During oral arguments today over Section 5 of the Voting Rights Act, Justice Antonin Scalia uttered probably the most racist comment ever heard in the US Supreme Court in 50 years. He complained about how Congress keeps passing renewal of the Voting Rights Act even if it might not be needed. He claimed that the act of Congress is a “perpetuation of racial entitlement.” Of course Scalia is wrong.
In expressing his deep skepticism Wednesday for the constitutionality of a centerpiece of the Voting Rights Act, Justice Antonin Scalia questioned the motivations of Congress for repeatedly reauthorizing it since it was initially passed in 1965.
“I don’t think there is anything to gain by any senator by voting against this act,” Scalia said during oral arguments in Shelby County v. Holder. They’re going to lose votes if they vote against the Voting Rights Act. Even the name is wonderful, the Voting Rights Act — who’s going to vote against that?”
At issue was the constitutionality of Section 5 of the 1965 law, which requires state and local governments with a history of racial discrimination to pre-clear any changes to their voting laws with the Justice Department prior to enacting them.
Congress has renewed the law four times, most recently in 2006 for a period of 25 years. The margin of victory was 99-0 in the Senate and 390-33 in the House.
Scalia attributed the repeated renewal of Section 5 to a “perpetuation of racial entitlement.”
So having one’s voting rights protected is a “racial entitlement”? Really?
If we follow Scalia’s tortured reasoning then I guess as soon as Lincoln issued the Emancipation Proclamation everything was fabulous for African-Americans or after the 15th Amendment was passed we didn’t need to work to protect the rights of minorities because we moved into the great post-racial era of the 1870’s. Whooo hoooo!
Unfortunately we know even from recent evidence that voting rights for minorities need to be protected even today.
Last week, the state of Texas submitted an amicus brief calling up the justices to strike down this landmark voting rights law. Ironically, however, the brief does far more to explain why Section 5 of the Voting Rights Act is still necessary. Texas’ primary argument is that the nation’s most important voting rights law must be gutted because it prevents the state from enacting a law that suppresses the minority vote:
The preclearance proceedings involving Texas’s voter-identification law illustrate the enormous burdens of the section 5 regime. Section 5 has empowered the Department of Justice to thwart the implementation of a constitutional voter-identification measure with abusive and heavy-handed tactics.
DOJ’s actions during the preclearance process indicate that the Department has not heeded this Court’s decision in Northwest Austin and leave no doubt that DOJ will continue to enforce section 5 in a manner that aggravates rather than mitigates the “federalism costs” imposed by the preclearance regime. The only way for this Court to alleviate these unwarranted and burdensome federalism costs is to declare the reauthorization of section 5 unconstitutional.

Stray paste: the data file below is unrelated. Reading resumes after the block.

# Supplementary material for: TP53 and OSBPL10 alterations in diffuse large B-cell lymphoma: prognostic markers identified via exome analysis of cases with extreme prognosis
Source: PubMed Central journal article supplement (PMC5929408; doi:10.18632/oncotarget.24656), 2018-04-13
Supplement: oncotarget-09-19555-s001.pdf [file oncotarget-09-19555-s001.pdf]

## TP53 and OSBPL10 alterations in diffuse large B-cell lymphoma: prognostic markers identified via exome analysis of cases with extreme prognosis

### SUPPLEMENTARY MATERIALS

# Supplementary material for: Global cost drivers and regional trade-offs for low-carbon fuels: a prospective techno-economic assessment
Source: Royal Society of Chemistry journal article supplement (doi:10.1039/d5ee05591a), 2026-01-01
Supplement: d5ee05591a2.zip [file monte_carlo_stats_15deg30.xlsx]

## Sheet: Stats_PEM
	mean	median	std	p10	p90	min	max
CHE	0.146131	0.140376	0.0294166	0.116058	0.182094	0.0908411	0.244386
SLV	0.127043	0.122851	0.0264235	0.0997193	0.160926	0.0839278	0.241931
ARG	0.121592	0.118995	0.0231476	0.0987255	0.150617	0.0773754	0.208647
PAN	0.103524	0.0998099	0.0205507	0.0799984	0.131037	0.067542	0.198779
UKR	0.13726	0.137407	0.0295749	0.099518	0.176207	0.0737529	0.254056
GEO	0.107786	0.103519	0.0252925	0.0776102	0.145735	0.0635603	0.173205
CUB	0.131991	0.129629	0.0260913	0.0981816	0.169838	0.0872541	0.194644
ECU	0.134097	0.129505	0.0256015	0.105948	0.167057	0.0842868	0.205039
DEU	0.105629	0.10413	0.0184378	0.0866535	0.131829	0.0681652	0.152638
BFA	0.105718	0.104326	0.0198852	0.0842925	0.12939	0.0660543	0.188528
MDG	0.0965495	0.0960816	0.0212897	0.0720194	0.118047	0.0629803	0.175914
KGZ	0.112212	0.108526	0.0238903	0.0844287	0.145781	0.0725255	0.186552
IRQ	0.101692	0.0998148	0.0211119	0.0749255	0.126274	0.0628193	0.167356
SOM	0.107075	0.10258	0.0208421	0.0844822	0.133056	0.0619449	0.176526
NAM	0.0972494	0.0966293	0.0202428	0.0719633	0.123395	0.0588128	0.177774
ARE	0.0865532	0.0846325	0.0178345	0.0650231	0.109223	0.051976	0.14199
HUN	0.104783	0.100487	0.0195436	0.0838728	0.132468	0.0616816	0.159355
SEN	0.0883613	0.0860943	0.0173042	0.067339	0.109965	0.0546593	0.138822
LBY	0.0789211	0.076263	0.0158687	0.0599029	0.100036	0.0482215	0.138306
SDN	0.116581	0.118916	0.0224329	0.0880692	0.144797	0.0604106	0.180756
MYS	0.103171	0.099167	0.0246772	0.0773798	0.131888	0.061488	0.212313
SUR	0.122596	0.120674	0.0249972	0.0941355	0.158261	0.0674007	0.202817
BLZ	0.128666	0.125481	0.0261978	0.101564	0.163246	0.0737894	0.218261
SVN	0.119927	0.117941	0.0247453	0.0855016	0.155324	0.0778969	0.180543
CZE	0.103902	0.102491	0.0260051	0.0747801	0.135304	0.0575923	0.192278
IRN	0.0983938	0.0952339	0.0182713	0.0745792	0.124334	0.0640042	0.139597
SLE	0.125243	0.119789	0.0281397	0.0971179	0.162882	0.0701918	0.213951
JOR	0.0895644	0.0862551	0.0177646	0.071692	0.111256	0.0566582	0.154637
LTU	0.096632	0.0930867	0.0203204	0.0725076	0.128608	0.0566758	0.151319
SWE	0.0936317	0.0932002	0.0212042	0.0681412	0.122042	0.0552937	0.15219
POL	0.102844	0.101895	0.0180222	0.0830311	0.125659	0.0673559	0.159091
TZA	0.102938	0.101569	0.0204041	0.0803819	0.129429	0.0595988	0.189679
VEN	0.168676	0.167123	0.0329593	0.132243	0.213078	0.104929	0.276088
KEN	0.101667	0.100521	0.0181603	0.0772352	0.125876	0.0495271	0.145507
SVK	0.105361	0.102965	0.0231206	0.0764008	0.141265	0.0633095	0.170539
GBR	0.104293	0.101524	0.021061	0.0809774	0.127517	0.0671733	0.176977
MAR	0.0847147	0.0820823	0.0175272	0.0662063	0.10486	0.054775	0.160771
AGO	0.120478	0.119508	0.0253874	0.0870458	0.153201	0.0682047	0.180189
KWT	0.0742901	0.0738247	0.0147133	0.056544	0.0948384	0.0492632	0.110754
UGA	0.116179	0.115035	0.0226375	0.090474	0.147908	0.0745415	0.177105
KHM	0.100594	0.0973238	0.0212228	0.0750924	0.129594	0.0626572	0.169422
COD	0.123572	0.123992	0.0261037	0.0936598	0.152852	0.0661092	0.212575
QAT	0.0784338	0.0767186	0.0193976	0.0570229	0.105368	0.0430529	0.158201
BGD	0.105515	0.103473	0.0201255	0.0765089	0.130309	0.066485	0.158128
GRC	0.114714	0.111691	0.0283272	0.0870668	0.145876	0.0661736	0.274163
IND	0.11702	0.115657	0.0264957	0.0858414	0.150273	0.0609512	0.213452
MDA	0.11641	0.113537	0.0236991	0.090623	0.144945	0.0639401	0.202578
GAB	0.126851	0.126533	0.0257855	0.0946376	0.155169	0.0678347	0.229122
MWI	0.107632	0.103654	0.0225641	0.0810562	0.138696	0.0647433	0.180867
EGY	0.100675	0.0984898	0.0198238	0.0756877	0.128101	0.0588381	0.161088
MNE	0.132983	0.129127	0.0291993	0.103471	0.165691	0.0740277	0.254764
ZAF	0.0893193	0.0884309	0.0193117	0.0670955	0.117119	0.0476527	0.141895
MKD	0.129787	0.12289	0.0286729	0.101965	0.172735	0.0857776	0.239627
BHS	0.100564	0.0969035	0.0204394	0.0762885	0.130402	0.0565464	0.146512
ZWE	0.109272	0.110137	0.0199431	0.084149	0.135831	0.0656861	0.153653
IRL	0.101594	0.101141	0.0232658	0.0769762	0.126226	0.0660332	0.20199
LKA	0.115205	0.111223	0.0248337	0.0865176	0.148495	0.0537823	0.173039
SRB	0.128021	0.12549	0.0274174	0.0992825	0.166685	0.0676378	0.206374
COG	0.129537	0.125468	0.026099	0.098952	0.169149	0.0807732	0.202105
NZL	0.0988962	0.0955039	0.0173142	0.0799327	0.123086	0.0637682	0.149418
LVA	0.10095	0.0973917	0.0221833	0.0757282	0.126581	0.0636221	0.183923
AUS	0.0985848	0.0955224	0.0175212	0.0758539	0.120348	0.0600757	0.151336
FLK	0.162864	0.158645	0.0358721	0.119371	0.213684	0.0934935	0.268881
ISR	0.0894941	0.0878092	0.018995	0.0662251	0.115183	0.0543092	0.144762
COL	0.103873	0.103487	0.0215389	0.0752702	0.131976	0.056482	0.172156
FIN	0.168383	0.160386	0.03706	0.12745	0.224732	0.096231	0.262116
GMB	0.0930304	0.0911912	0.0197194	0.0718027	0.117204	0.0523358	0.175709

Voter ID laws are the new poll tax. Such laws would disproportionately hurt racial minorities and that is what Section 5 is suppose to address.
Unless and until poll taxes like Voter ID laws are no longer a threat I strongly disagree with Justice Scalia. The Voting Rights Act is NOT a “perpetuation of racial entitlement” since civil rights aren’t an entitlement to be taken away on a whim unless one doesn’t believe in the Constitution.
Here is the text of Scalia’s remarks in context:
JUSTICE SCALIA: …This Court doesn’t like to get involved in — in racial questions such as this one. It’s something that can be left — left to Congress.
The problem here, however, is suggested by the comment I made earlier, that the initial enactment of this legislation in a — in a time when the need for it was so much more abundantly clear was — in the Senate, there — it was double-digits against it. And that was only a 5-year term.
Then, it is reenacted 5 years later, again for a 5-year term. Double-digits against it in the Senate. Then it was reenacted for 7 years. Single digits against it. Then enacted for 25 years, 8 Senate votes against it.
And this last enactment, not a single vote in the Senate against it. And the House is pretty much the same. Now, I don’t think that’s attributable to the fact that it is so much clearer now that we need this. I think it is attributable, very likely attributable, to a phenomenon that is called perpetuation of racial entitlement. It’s been written about. Whenever a society adopts racial entitlements, it is very difficult to get out of them through the normal political processes.
I don’t think there is anything to be gained by any Senator to vote against continuation of this act. And I am fairly confident it will be reenacted in perpetuity unless — unless a court can say it does not comport with the Constitution. You have to show, when you are treating different States differently, that there’s a good reason for it.
That’s the — that’s the concern that those of us who — who have some questions about this statute have. It’s — it’s a concern that this is not the kind of a question you can leave to Congress. There are certain districts in the House that are black districts by law just about now. And even the Virginia Senators, they have no interest in voting against this. The State government is not their government, and they are going to lose — they are going to lose votes if they do not reenact the Voting Rights Act.
Even the name of it is wonderful: The Voting Rights Act. Who is going to vote against that in the future?